Abbas Attar is an Iranian photographer known for his photojournalism in Biafra, Vietnam and South Africa in the 1970s, and for his extensive essays on religions in later years. His most recent projects focus on the religions of Buddhism, Hinduism, and Judaism. During the 1970s he made a number of trips to Iran, taking pictures of the extraordinary impact that the western petro-dollars had made on the country’s society. Between 1978 and 1980, Abbas established a worldwide reputation as a photographer by documenting the 1979 Iranian revolution.
He was a member of Sipa from 1971 to 1973, a member of Gamma from 1974 to 1980, and joined Magnum photos in 1981. He wrote a book entitled, Iran Diary 1971-2002, which contains a critical interpretation of Iranian history, photographed and written as a private journal.
Allah O Akbar is the book I did on Islam on the resurgence of Islam. I started in 1987 and it went onto 1993. …I could see that the wave of religious passion raised by the Iranian Revolution this wave was not going to stop at the borders of Iran; it was obvious. So after the revolution I wanted to start right away my work on the resurgence of Islam worldwide, but emotionally I wasn’t ready because you know Iran had drained me. It was a very violent revolution. I remember sometimes you know even having nightmares for three years after the revolution because it was always there. …So as a photographer you tend to put an emotional curtain between the violence scene and yourself, otherwise you cannot function. …and I went to 29 countries. So I covered what I saw were the problems of Islam.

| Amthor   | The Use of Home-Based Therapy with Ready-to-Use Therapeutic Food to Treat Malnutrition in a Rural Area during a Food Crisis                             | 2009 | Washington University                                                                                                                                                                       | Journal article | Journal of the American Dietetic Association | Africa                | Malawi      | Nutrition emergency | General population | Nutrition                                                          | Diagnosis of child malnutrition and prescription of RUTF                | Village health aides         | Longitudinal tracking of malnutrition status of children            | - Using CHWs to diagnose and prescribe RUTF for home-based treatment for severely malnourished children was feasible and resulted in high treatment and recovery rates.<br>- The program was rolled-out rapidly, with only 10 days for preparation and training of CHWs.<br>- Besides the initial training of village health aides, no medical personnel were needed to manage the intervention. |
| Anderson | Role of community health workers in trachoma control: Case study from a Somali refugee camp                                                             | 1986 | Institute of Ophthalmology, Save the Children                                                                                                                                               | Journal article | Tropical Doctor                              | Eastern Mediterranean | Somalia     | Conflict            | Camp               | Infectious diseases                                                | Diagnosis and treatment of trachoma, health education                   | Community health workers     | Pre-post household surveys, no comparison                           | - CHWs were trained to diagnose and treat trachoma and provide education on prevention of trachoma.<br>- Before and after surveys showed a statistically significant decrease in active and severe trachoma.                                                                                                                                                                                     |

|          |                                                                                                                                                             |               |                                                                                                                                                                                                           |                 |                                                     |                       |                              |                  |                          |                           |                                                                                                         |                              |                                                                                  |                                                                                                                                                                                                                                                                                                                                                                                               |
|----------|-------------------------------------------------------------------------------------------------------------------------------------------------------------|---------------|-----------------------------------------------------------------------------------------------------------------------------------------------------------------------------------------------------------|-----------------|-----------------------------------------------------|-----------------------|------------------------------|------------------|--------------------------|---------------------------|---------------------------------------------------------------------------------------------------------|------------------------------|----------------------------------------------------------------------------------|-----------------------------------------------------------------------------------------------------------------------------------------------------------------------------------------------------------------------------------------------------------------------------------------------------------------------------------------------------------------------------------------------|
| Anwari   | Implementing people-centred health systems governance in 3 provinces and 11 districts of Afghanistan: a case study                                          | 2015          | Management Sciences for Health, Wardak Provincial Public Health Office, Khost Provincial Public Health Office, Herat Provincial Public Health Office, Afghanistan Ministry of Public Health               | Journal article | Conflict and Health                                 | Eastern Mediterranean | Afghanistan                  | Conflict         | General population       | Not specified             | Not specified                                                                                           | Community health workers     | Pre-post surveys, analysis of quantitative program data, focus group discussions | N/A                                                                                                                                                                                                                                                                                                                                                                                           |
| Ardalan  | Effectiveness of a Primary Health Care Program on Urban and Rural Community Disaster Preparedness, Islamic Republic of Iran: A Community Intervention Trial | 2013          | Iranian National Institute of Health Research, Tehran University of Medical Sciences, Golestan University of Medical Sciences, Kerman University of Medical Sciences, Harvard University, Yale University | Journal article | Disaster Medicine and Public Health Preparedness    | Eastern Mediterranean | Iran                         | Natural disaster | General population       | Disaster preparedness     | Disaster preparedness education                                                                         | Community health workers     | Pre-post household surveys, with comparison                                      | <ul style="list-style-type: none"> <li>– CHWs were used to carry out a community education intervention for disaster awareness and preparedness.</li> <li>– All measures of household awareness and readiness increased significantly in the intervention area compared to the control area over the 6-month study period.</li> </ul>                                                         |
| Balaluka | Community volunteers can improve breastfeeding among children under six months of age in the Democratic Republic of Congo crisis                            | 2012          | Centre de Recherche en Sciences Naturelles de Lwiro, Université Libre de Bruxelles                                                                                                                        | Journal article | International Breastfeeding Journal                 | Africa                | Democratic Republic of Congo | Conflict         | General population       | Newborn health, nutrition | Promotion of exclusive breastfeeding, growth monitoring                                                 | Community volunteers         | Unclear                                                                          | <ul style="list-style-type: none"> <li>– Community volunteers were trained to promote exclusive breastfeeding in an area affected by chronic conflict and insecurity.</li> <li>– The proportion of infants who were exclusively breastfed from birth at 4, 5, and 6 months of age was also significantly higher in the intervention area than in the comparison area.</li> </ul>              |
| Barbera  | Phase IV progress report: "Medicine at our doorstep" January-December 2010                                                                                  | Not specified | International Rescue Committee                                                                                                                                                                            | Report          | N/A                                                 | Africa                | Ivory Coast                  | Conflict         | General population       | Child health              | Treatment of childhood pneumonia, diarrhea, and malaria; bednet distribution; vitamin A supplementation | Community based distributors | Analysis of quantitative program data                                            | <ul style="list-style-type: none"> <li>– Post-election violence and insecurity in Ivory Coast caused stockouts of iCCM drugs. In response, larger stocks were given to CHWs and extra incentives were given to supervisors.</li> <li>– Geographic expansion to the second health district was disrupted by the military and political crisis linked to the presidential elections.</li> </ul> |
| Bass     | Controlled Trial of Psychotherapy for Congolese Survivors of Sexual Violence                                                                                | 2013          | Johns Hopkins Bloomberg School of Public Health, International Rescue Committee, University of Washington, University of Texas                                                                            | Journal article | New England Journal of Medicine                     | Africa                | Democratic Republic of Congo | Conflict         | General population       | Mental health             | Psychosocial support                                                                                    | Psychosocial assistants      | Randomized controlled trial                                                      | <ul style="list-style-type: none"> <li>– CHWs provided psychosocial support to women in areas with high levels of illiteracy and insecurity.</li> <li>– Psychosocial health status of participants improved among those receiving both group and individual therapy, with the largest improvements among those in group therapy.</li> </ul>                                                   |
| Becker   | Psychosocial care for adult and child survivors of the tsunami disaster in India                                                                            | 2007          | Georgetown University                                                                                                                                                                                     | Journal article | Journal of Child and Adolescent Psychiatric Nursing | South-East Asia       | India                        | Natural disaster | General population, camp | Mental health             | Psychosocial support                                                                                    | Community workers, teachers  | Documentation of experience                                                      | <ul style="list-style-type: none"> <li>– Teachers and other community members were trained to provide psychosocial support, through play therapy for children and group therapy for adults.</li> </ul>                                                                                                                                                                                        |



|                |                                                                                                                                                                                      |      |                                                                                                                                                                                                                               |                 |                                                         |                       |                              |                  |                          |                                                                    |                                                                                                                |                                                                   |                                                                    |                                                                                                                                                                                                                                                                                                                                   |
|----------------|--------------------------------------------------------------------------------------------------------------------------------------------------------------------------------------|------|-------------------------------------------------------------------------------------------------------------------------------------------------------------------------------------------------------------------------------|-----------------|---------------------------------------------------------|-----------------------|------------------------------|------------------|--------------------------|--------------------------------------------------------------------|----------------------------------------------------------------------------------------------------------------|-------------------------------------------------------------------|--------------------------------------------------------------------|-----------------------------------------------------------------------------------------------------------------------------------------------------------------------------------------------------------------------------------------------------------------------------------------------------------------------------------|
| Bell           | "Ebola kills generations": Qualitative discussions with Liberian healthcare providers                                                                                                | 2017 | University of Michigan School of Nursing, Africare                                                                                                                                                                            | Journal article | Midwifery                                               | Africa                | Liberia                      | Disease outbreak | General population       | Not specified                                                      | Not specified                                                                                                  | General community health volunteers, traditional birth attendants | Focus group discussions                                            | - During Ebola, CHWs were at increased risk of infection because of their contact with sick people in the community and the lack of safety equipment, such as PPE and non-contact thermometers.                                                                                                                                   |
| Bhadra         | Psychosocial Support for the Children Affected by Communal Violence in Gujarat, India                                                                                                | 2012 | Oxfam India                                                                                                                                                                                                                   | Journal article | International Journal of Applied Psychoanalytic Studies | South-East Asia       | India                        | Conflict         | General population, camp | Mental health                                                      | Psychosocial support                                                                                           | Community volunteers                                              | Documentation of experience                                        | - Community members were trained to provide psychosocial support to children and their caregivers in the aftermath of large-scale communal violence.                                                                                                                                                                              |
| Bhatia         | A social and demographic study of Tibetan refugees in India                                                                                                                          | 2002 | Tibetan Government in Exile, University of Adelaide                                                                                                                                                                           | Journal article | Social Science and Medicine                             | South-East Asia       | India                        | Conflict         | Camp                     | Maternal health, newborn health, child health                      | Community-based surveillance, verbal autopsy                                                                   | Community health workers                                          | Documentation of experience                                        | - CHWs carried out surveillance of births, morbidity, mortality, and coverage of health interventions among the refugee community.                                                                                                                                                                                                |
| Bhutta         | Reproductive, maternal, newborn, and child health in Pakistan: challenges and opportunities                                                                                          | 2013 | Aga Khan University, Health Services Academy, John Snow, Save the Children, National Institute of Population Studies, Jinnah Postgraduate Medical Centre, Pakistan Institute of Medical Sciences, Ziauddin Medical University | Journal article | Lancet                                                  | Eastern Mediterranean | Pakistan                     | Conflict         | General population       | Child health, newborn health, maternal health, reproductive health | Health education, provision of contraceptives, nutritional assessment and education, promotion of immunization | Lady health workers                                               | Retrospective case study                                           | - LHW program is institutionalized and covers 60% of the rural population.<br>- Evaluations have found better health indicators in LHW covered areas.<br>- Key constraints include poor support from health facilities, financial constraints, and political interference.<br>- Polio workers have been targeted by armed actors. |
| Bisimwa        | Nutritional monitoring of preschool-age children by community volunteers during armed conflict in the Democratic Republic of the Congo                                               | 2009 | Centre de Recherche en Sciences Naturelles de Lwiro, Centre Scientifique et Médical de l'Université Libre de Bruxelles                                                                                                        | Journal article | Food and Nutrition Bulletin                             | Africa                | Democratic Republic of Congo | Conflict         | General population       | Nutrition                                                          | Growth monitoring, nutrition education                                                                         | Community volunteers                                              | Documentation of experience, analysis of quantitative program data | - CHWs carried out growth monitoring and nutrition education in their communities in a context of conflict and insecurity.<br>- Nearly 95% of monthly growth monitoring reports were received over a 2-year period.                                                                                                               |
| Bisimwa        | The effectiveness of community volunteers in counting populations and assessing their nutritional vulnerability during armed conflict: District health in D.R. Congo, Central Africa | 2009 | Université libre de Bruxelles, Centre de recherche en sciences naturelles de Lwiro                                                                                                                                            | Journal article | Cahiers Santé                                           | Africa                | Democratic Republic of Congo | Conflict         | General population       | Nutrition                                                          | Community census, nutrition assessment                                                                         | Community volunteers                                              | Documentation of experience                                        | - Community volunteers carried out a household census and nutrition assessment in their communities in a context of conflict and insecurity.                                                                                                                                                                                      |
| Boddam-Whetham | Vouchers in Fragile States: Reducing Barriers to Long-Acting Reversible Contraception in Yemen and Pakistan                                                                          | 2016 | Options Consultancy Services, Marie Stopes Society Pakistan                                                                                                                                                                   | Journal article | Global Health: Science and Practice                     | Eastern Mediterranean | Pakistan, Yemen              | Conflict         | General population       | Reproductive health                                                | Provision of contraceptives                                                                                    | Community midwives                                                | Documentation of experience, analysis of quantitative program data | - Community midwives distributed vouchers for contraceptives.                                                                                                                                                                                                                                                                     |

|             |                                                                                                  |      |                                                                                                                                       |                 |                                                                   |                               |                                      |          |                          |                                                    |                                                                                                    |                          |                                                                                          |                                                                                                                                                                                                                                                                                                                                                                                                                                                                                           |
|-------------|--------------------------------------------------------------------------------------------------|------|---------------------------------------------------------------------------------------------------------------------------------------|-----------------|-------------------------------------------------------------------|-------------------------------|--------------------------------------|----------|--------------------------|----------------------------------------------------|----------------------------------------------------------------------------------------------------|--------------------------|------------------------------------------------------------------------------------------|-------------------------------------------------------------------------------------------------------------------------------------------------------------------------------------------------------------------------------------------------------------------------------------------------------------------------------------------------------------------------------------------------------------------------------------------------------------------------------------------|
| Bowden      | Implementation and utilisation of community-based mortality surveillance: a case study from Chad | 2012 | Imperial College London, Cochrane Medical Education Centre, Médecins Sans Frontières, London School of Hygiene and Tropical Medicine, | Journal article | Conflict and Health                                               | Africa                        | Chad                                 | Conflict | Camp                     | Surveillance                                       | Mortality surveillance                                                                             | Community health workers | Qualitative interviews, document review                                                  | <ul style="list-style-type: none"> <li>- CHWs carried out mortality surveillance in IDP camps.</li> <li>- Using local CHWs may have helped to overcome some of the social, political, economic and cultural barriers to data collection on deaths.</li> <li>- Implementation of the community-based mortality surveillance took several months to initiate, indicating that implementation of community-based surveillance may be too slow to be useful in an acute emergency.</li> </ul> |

General Pakravan was the one who started the SAVAK, the secret police, but he was more of an intellectual than say a torturer, because SAVAK of course had a very bad reputation. He said, “You know this guy, Pakravan?” He was the best accused, because he said, “yes” to everything. “I said, ‘I accuse you of this.’” “He said, ‘Yes.’” “I accuse you of this.” “He said, ‘Yes.’” So he didn’t lose his time, and I didn’t lose my time, …And of course he was put on the firing line. …Why waste time you know with lawyers, prosecutors and defenders? You know the accused had the chance of express themselves, but it was very swift justice.
So if there was one lesson I learned from my 7 and then 5, 12 years covering Islam is that you know the silent majority of Muslim are too silent. And now fortunately their voices are being raised intellectuals, you know artists questioning not only jihadists and Islamism, but also questioning their own religion, questioning Islam. I think it’s a good way of moving forward in the Muslim world.